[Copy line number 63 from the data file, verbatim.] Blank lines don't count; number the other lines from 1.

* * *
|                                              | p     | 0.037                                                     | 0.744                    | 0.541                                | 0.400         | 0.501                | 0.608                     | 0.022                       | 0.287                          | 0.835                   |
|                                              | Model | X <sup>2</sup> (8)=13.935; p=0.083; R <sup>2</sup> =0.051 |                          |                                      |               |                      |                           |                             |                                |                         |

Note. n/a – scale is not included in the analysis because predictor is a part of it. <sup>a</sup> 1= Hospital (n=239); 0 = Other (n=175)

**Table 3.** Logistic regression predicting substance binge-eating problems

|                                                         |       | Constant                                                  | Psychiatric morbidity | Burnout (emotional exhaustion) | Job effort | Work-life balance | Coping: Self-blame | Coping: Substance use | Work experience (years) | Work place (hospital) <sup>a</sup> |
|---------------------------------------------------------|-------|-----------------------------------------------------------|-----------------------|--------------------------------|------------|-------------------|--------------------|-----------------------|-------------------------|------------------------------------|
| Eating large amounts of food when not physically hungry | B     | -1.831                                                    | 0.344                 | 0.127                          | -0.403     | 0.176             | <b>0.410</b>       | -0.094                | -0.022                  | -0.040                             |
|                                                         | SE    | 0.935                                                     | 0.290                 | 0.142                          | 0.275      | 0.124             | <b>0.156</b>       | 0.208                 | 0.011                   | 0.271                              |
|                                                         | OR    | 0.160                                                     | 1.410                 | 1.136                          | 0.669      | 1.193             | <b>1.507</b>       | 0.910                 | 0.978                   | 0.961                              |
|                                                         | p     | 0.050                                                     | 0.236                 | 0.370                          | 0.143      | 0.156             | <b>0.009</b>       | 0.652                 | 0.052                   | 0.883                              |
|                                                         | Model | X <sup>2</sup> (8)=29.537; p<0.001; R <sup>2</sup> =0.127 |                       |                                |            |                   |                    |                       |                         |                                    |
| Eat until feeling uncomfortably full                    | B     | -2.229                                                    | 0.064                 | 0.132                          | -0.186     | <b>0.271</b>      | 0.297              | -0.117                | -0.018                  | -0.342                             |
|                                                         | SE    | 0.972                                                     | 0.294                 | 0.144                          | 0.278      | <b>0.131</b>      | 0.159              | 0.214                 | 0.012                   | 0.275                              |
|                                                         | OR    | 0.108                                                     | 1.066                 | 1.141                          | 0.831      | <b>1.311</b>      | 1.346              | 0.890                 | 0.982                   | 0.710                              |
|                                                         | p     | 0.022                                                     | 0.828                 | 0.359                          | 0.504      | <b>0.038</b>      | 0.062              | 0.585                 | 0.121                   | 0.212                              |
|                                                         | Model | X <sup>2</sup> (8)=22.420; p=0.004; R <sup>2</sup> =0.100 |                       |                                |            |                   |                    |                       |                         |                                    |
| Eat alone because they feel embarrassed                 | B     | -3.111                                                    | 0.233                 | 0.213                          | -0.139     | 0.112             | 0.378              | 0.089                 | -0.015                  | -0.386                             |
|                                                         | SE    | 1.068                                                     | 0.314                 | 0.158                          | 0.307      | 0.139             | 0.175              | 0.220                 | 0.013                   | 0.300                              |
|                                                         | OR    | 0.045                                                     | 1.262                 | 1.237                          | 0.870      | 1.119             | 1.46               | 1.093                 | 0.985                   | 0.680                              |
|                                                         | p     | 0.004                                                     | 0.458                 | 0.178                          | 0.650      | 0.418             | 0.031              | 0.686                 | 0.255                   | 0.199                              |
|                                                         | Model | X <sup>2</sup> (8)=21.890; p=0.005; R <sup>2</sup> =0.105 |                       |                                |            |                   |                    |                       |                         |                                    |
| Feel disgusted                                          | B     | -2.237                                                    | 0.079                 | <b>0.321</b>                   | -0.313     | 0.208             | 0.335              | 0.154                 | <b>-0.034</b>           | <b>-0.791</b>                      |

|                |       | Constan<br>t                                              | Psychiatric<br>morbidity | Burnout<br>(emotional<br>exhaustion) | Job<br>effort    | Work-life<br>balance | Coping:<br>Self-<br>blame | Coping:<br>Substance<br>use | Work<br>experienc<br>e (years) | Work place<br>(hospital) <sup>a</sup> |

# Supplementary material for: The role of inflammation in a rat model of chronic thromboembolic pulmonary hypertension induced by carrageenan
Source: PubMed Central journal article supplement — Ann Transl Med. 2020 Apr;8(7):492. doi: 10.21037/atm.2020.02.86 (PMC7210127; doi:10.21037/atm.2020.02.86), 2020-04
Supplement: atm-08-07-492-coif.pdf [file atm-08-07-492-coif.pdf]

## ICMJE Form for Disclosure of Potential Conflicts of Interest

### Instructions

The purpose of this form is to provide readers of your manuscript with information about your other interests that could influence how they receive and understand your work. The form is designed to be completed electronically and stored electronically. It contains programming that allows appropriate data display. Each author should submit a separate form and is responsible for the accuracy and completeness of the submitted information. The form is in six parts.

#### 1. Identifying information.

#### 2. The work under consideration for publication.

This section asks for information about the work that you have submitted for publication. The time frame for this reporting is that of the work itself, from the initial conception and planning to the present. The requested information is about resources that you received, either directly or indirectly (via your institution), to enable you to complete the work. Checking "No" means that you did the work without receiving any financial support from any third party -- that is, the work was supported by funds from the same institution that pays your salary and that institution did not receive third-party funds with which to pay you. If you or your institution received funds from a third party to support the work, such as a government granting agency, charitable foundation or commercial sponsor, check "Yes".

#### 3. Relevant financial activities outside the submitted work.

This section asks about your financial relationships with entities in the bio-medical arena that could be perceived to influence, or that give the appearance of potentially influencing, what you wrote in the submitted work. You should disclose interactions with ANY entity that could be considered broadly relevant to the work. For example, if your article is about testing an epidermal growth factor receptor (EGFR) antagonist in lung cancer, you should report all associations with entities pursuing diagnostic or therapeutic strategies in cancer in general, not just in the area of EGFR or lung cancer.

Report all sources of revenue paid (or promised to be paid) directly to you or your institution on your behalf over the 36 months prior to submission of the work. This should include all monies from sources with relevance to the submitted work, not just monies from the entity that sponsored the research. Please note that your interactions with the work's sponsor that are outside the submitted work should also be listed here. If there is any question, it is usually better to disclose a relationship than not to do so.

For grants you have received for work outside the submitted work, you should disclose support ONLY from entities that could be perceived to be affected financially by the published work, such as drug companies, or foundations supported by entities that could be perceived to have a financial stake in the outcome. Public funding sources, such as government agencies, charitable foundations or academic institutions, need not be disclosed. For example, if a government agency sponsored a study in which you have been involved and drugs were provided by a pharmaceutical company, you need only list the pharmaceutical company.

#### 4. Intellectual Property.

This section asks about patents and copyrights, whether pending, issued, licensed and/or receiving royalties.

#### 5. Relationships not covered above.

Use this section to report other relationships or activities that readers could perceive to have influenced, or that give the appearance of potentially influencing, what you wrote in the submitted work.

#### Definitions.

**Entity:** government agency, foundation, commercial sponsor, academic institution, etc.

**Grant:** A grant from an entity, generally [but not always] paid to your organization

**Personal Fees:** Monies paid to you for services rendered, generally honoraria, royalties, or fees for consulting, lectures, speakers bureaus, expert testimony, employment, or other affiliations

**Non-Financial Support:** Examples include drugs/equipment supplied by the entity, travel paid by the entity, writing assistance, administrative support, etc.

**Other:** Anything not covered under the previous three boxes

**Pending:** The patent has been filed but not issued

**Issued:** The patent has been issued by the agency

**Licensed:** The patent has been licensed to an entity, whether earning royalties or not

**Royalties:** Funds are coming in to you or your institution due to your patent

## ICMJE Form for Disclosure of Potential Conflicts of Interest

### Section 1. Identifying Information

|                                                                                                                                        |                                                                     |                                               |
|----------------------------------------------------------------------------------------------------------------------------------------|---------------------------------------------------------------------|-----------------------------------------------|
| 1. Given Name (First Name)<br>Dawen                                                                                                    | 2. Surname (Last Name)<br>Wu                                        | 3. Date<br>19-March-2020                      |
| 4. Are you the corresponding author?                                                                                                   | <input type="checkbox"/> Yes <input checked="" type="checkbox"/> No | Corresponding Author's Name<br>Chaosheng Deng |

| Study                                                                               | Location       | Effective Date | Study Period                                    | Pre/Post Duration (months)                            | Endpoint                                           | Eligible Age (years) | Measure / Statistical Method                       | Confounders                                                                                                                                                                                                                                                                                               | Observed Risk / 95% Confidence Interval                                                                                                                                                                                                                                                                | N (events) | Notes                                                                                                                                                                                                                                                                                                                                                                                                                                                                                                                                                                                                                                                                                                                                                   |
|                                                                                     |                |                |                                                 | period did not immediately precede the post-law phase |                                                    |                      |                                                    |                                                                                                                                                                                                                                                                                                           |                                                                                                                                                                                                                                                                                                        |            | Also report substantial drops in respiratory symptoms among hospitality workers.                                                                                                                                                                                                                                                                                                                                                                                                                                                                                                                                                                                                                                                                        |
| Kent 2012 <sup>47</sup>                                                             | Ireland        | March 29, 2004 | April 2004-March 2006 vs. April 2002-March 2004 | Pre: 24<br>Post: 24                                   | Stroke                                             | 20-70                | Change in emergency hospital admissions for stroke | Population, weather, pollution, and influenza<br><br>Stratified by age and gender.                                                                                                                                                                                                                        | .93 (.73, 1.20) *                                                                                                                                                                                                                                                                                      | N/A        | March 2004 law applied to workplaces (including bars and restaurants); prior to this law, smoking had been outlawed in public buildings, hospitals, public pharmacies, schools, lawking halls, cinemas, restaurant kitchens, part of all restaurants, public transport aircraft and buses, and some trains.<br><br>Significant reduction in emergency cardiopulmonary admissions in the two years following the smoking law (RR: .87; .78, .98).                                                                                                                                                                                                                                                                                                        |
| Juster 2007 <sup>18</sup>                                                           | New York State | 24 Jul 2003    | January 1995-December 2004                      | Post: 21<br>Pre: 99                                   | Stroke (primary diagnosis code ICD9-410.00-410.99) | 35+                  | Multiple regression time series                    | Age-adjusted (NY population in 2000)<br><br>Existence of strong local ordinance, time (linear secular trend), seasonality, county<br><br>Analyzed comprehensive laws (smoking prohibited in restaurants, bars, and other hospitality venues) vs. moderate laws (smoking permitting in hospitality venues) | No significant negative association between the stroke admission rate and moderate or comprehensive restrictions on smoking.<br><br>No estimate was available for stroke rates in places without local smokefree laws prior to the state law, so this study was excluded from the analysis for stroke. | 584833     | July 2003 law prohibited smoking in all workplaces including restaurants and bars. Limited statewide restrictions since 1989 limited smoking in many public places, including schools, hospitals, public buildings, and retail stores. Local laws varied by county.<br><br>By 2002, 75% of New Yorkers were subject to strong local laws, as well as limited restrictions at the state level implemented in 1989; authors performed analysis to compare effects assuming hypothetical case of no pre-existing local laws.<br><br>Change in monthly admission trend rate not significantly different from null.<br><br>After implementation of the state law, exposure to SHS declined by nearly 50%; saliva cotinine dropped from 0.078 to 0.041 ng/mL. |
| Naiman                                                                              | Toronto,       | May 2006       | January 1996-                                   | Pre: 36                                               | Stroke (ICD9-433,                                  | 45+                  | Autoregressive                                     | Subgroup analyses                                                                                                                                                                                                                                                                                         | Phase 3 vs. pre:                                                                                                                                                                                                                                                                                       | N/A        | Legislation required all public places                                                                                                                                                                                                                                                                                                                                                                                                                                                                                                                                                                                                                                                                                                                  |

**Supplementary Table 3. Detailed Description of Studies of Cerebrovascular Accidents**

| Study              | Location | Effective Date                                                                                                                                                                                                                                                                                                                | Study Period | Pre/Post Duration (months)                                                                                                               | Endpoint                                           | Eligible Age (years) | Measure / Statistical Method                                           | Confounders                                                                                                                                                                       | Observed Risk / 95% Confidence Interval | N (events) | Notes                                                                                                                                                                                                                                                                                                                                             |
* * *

| Study              | Location | Effective Date                                                                                                                                                                                                                                                                                                                | Study Period | Pre/Post Duration (months)                                                                                                               | Endpoint                                           | Eligible Age (years) | Measure / Statistical Method                                           | Confounders                                                                                                                                                                       | Observed Risk / 95% Confidence Interval | N (events) | Notes                                                                                                                                                                                                                                                                                                                                             |